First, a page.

Foreign Births

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[[About Local & Family History Services | About Local & Family History Services]]<br />
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[[About Local & Family History Services | Contact and find out more about Local & Family History Services]]<br />
Created by: [[User:Libby the Librarian | Libby Feil]], October 2006<br />
Created by: [[User:Libby the Librarian | Libby Feil]], October 2006<br />
Last updated by: [[User:Libby the Librarian | Libby Feil]], March 10, 2009
Last updated by: [[User:Libby the Librarian | Libby Feil]], March 10, 2009
[[Category:Hobbies]]  [[Category:Genealogy & Local History]]
[[Category:Hobbies]]  [[Category:Genealogy & Local History]]

Revision as of 23:28, 10 March 2009

Useful Links


Finding Birth Dates for Foreign-Born Relatives

By Libby Feil

Finding birth dates for relatives born outside of the United States can be a tricky business. You might immediately think you'll have to travel to your ancestors' birth country, or write to an archive there to get a record. Although that may be a possibility (or may not, depending on the time period in question and the state of the country's recordkeeping system), there are some easier strategies to try first--right here at home!

The first question to ask is whether your relative died in America. If not, did they die in Canada, England, Scotland, Ireland, or Wales? Then try looking in Ancestry, because Ancestry has a lot of records from those countries. If your relative died in any other foreign country, try the nearest LDS Family History Center. Here in St. Joseph County the closest one is in Mishawaka. The Mormon Family History Centers have access to microfilms of vital records from all over the world, and you do not have to be Mormon to use them.

If the person you are looking for did die here, then you have several alternatives. The easiest situation is if you know what American state and county your relative died in. In this case, you can try to obtain a death certificate and obituary. "Wait," you may say, "I'm interested in when this person was born, not when they died." But almost all death certificates, and many obituaries, will give the person's birth date or at least an age.

If your relative died here in St. Joseph County, then you can look for the date of your relative's obituary in our Obituary Index (deaths since 1913) or in our set of Eisen's Vital Statistics Index to St. Joseph County, Indiana, Newspapers, 1831-1912. The Library has local newspapers on microfilm, so you can come in and find the obituary once you have the date it was published. To obtain a death certificate, you can simply go to the St. Joseph County Health Department on the 8th floor of the City-County Building at the corner of Lafayette and Jefferson in downtown South Bend.

If your relative died in another county in Indiana, you can most likely still get an obituary and a death certificate. To get an obituary, just find which Indiana public library serves the county your relative died in, and then contact that library to find out if they have an obituary index to their local newspaper. If they don't, you still have the option to get a death certificate. You can order a copy from the State Department of Health or directly from the county health department.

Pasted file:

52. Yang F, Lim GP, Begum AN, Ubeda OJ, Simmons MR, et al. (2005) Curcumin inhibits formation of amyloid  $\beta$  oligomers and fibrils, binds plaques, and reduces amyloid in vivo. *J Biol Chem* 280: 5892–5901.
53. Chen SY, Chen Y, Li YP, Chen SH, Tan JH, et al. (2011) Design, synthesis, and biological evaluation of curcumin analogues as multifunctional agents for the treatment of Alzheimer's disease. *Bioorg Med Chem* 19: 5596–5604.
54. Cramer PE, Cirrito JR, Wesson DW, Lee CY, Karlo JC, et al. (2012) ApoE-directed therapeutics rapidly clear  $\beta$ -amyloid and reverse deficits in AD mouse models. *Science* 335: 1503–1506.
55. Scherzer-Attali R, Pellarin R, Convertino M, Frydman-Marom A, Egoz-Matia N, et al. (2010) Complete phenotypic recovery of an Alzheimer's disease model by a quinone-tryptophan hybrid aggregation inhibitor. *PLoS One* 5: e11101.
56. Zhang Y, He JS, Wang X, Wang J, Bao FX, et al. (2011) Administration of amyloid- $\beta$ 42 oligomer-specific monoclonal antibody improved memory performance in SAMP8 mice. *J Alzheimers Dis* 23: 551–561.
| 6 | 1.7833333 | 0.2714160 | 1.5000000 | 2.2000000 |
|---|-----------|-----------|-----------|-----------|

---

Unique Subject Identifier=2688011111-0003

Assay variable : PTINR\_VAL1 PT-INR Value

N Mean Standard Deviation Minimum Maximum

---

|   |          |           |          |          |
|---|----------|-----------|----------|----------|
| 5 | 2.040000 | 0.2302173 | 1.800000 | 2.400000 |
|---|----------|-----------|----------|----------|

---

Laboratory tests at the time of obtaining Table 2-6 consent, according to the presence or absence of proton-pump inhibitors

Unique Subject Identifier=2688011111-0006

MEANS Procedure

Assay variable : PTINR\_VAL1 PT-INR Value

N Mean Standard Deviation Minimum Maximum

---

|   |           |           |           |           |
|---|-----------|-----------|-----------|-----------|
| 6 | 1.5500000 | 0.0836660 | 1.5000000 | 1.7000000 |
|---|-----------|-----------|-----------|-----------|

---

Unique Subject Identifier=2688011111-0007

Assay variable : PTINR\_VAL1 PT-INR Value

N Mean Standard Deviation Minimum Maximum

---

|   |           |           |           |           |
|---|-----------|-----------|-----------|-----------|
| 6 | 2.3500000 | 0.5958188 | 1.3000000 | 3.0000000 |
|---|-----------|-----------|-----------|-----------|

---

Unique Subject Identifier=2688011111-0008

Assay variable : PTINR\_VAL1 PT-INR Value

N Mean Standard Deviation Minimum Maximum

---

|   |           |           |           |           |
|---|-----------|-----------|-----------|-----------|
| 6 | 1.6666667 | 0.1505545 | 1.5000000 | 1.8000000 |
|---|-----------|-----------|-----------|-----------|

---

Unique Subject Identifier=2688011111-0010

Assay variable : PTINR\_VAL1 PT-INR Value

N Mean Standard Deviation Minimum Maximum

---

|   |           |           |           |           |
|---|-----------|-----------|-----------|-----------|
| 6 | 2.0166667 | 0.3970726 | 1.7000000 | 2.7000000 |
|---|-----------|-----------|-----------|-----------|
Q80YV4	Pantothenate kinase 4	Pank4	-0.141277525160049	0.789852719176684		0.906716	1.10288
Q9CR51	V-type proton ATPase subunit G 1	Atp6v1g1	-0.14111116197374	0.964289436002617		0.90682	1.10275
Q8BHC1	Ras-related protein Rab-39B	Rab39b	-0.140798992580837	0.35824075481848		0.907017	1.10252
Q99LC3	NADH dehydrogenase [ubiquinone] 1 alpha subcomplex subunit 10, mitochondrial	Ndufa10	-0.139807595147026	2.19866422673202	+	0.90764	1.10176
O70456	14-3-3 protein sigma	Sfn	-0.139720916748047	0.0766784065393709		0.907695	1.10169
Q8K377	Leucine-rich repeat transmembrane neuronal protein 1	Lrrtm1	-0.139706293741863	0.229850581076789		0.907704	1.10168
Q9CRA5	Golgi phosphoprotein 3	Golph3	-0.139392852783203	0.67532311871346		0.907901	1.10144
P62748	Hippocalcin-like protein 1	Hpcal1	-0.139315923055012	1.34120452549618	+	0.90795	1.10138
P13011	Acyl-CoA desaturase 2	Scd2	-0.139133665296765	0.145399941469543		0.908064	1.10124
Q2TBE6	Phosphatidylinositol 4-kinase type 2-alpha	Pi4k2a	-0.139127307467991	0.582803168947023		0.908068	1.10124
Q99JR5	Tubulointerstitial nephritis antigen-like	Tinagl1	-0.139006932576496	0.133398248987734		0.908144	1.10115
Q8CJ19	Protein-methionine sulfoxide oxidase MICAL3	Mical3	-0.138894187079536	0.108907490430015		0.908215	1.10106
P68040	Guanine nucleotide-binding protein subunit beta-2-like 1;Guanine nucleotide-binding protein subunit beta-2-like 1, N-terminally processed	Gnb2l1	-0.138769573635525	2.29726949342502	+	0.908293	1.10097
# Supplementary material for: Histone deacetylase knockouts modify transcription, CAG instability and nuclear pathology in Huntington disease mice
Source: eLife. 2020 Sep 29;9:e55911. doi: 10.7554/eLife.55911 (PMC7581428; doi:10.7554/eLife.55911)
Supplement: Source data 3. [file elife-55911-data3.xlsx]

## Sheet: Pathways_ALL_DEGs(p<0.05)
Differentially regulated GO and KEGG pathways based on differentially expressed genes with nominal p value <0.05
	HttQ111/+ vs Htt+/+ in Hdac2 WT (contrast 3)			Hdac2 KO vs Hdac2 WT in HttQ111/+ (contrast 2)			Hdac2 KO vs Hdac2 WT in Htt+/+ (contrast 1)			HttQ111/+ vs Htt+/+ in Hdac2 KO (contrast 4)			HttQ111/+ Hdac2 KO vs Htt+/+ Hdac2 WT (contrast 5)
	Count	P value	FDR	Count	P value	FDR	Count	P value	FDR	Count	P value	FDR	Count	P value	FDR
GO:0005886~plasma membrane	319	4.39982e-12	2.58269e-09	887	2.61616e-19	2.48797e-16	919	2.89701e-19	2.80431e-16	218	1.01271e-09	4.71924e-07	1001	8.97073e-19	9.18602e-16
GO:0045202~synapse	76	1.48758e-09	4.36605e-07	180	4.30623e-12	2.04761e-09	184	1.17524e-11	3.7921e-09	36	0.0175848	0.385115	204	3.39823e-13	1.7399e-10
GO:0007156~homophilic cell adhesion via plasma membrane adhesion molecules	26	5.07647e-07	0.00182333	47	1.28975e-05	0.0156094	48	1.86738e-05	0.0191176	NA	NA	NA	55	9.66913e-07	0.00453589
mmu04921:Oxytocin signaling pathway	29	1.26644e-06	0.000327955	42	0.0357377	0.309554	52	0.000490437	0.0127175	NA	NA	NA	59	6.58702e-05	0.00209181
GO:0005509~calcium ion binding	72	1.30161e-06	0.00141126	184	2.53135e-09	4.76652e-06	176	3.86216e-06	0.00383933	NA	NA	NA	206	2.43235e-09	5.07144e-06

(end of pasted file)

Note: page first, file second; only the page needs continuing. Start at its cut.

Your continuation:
If your ancestor died in another state, find that county's library and contact it to find out about obituaries. To order a death certificate, find out what the procedures are for the state you are interested in.

What if you get the obituary and it doesn't give a birth date or even an age? What if you can't find a death certificate? What if you aren't even sure where your relative died? If the relative died after about 1965, and had worked in the United States for long enough to qualify for Social Security, you can try searching the Social Security Death Index. Another good place to look is Ancestry. Ancestry contains many vital records databases from around the country for a variety of time periods.

Another option is to find your relative in the census. Both Ancestry, which you must use in a Library branch, and HeritageQuest, which you can use from home with a valid SJCPL library card, have all the United States censuses. The census will at least give you an approximate year of birth, though not an actual date. The censuses from 1850 to 1930, with one exception, give a person's age at the time of the census. The 1900 census, though, does give an actual month and year of birth--if the person was alive and in the U.S. at that time. If you can't find a person in the census in one year, try other years. And don't forget to be creative, trying different spellings of first and last names, nicknames, and initials.

If you just can't find your relative in the census, try whatever else you can think of that might give a birth date. If your ancestors were married in St. Joseph County between 1905 and 1920, the microfilmed marriage license applications often include a birthdate. If your relative lived in this county, try SBAGS' St. Joseph County, Indiana, Cemetery Inscriptions (headstones often include a birth year), Eisen's Biographical Index to St. Joseph County, Indiana, Histories (biographies often include a birth date), or the microfilmed Catholic Church Records of the Ft. Wayne/South Bend Diocese of Indiana (burial records included ages of decedents).

Hopefully, one of these things will work for you. And of course, you can always come in to Local & Family History Services and ask for help!


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Contact and find out more about Local & Family History Services
Created by: Libby Feil, October 2006
Last updated by: Libby Feil, March 10, 2009

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